And then we started them in March or early April of their 3-year-old years. We started riding Seeker in June and Ianto in August, and they each made their competitive debuts at the Twin Rivers combined test in January.
Seeker, now 9, then won his first beginner novice event a month later and was immediately purchased by a teenager, who rode him through training level and then sold him to be a dressage horse. Ianto, now 5, completed two beginner novice events in the spring and was then purchased to be the huntsman?s horse for the Los Altos Hounds last July.
Right now we have a warmblood filly named Tiny, whom we purchased as a weanling, in training. Tiny followed almost the identical schedule as Seeker and Ianto. Except that we didn’t work her as a 2-year-old because she was so small and still young: She wasn?t born until mid-August, and her dam is a petite mare, so Tiny was clearly physically behind her classmates. So we waited until March of her 3-year-old year to start her in work, and then our working student bought her in May.
Tiny has progressed fabulously since then. SHe’s an incredibly willing worker and fast learner, and in January she was a star with me on her back at the same Twin Rivers combined test. Her teenage owner has been riding her for a few weeks now, and sHe’s looking forward to competing with Tiny soon.
We’ve found it best to start working babies as 2-, 3- and 4-year-olds, but sometimes the pressures of life make that impossible. We didn’t start a Quarter Horse mare named Freckles, whom our barn manager, Roxanne, bred and owns, in November of her 5-year-old year. But Freckles was the easiest horses I’ve ever started. I’m sure that was partly due to her workmanlike reining blood, but I think her maturity helped too. She was mentally ready to go to work. The big challenge with Freckles was that she had no conditioning base, so we had to balance her willingness to do any task with her relative weakness. It wasn?t until last fall, after two years of work, that she really started to get strong. And last weekend Roxanne rode her to fourth place in their first novice-level horse trial.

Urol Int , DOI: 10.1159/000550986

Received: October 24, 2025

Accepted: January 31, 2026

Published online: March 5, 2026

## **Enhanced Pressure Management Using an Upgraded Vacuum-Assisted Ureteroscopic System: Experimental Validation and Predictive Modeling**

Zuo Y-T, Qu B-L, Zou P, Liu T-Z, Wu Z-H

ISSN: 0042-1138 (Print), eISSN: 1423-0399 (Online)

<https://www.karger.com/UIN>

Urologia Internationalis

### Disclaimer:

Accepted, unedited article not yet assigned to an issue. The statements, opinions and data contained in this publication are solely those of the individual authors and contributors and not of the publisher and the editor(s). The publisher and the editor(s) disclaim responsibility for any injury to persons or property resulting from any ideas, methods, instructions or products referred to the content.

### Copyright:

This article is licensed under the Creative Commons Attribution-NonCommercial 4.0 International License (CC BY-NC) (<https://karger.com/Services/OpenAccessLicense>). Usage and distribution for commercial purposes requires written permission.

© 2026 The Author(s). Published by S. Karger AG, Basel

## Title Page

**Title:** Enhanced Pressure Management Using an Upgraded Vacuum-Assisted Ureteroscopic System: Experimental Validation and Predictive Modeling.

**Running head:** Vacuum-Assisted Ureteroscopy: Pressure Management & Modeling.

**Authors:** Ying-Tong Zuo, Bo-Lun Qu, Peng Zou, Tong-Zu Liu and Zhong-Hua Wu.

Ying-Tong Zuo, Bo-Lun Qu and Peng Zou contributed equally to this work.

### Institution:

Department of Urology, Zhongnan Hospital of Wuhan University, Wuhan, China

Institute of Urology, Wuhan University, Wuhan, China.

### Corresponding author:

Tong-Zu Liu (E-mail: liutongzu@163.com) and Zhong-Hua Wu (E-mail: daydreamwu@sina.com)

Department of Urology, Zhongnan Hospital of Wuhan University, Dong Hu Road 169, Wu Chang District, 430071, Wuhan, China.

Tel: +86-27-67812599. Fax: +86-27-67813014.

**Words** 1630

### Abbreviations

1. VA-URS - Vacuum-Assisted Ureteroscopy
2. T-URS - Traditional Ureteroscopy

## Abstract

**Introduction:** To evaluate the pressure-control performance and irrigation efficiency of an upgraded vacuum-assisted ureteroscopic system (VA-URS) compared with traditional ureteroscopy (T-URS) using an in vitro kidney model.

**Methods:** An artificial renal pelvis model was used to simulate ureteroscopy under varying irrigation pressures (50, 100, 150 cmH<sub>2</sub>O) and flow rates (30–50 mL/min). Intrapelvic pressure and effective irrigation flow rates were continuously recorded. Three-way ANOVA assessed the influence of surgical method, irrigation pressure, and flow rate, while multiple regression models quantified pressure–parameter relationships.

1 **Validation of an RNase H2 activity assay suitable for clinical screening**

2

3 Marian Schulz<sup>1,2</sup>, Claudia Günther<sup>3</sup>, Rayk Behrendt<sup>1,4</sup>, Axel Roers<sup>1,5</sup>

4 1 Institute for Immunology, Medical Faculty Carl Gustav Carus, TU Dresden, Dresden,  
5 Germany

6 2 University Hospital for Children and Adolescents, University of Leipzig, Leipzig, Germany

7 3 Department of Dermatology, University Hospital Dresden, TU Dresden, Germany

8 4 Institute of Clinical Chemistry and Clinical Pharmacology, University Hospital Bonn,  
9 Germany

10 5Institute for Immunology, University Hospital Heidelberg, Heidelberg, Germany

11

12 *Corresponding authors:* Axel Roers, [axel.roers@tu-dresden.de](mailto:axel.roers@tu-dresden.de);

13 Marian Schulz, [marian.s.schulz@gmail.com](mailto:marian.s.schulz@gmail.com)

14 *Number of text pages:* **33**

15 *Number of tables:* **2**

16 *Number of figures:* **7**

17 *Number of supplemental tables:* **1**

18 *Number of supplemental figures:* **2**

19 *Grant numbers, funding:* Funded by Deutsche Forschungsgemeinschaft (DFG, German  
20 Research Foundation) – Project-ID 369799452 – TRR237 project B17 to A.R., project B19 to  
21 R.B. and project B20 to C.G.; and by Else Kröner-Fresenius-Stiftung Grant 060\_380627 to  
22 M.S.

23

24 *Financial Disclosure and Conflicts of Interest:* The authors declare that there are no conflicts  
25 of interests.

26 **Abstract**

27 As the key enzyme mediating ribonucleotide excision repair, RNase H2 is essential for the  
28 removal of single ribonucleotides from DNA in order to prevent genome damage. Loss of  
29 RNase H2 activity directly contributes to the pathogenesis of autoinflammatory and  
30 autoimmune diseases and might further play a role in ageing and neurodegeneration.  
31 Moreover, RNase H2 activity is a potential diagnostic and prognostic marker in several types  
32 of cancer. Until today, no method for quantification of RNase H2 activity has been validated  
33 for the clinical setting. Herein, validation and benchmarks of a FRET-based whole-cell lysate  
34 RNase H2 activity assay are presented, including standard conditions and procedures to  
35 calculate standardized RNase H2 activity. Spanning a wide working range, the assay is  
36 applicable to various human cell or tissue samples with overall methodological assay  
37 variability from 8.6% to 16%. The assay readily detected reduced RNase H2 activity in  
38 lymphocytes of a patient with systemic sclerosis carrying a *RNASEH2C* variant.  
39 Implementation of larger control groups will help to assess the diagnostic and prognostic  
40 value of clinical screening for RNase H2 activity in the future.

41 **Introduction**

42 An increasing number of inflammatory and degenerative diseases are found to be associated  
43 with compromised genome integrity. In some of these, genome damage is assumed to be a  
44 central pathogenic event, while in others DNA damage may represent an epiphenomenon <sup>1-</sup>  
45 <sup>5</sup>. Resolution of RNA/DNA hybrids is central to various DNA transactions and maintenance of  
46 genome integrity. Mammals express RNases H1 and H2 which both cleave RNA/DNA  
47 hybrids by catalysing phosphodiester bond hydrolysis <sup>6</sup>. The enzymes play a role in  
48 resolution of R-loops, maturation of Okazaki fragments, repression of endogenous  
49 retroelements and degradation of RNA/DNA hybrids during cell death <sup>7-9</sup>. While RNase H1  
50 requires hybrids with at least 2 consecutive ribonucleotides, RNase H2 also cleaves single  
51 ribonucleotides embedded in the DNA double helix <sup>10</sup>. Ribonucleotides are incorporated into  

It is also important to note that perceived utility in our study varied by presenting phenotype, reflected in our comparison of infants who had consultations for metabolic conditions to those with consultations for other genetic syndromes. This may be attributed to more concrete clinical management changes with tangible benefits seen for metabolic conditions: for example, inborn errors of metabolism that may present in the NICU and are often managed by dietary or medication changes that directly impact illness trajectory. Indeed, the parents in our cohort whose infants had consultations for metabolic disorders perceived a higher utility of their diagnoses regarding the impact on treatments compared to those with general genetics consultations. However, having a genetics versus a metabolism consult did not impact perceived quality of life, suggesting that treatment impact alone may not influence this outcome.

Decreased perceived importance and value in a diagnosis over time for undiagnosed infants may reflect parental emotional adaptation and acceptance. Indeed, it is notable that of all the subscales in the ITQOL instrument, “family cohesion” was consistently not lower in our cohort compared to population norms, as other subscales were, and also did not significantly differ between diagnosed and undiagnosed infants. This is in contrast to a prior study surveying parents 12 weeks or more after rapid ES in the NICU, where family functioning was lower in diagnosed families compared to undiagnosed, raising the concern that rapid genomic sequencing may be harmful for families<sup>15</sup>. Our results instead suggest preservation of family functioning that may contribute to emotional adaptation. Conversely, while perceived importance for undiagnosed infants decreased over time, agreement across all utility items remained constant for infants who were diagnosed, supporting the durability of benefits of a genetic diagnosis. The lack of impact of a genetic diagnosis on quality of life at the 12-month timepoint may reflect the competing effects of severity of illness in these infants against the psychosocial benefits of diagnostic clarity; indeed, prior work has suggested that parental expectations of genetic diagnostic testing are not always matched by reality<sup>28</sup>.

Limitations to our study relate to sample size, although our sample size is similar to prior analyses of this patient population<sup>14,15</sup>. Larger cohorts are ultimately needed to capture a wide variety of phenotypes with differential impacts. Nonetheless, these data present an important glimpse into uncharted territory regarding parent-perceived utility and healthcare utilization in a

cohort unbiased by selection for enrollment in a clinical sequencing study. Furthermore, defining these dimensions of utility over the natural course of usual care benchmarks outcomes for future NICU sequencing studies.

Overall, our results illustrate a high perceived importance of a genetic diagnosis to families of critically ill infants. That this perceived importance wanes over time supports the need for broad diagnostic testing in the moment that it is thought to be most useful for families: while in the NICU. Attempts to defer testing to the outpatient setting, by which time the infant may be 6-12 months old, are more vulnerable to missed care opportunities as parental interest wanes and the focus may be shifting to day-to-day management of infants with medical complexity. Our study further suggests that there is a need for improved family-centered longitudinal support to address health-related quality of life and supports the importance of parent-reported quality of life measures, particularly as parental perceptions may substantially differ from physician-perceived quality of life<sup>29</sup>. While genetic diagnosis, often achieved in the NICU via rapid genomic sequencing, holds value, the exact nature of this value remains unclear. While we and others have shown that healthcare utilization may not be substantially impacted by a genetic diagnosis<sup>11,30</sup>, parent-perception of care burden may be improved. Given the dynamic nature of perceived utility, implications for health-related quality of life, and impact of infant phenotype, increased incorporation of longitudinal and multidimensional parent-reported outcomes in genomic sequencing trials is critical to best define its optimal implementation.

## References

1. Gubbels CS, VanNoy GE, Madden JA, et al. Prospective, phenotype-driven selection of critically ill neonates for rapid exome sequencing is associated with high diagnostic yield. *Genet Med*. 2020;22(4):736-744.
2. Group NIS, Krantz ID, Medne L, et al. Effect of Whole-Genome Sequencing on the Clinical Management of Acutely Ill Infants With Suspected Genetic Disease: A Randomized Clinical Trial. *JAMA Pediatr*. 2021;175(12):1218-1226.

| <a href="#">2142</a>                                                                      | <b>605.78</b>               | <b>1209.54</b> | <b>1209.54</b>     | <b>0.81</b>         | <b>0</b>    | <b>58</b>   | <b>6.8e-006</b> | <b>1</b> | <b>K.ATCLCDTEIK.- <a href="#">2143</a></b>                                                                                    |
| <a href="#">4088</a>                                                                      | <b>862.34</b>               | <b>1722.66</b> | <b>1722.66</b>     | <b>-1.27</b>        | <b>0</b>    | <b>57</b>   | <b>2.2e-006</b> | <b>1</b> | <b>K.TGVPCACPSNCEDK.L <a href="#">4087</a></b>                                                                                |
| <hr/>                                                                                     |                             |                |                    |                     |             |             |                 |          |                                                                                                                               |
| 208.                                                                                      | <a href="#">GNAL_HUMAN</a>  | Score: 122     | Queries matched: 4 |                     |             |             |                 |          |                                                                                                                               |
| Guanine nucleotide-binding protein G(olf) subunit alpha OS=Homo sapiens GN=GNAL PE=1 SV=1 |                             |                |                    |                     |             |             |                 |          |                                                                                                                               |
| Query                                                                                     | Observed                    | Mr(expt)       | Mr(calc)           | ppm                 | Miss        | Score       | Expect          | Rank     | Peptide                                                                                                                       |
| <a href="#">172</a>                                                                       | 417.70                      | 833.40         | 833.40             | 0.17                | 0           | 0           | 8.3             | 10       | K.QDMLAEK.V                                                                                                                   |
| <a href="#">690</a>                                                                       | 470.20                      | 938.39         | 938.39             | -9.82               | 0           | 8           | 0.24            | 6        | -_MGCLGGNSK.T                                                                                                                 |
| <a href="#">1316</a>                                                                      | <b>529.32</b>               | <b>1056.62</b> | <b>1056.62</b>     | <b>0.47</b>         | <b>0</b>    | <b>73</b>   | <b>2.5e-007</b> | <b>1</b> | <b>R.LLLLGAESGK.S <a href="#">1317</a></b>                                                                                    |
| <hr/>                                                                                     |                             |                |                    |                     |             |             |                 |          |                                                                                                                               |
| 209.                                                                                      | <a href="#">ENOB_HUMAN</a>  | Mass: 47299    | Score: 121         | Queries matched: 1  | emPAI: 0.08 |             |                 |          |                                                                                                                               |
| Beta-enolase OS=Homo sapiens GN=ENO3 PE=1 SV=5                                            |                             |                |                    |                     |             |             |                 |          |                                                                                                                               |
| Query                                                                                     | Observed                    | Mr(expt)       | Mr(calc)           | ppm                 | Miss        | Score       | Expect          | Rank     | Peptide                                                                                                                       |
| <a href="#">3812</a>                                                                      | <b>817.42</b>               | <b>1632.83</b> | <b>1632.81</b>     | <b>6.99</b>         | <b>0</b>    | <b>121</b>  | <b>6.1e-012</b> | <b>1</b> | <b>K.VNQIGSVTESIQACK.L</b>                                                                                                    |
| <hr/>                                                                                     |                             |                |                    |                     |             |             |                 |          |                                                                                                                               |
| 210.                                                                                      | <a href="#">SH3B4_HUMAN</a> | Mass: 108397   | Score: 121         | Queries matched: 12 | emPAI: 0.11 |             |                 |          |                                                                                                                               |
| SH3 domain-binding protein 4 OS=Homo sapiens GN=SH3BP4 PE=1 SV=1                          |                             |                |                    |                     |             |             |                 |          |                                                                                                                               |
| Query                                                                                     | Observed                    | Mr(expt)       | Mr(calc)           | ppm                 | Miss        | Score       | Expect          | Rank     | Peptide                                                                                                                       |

We now have in training a 6-year-old who has never been ridden, and the jury is still out on whether he’ll have the maturity to make it easier or whether a life of vacation has created a horse who’s not interested in work. He went through our three-month pre-school program as a 3-year-old, and then some things happened in his owner?s life that prevented him from doing more. He returned in early January, and, thankfully, He’s clearly demonstrated that he well remembers his lessons in ponying and longeing.
But he was nearly obese, so He’s spent about 70 percent of his working time being ponied to lose weight and to develop some basic fitness. He could be either mentally tough or mentally easy to start under saddle, and I suspect that, like Freckles, it will take a year or two to develop his strength.
I hope these examples have demonstrated why I don’t think there really is a ?right? answer to the question of when to start horses under saddle.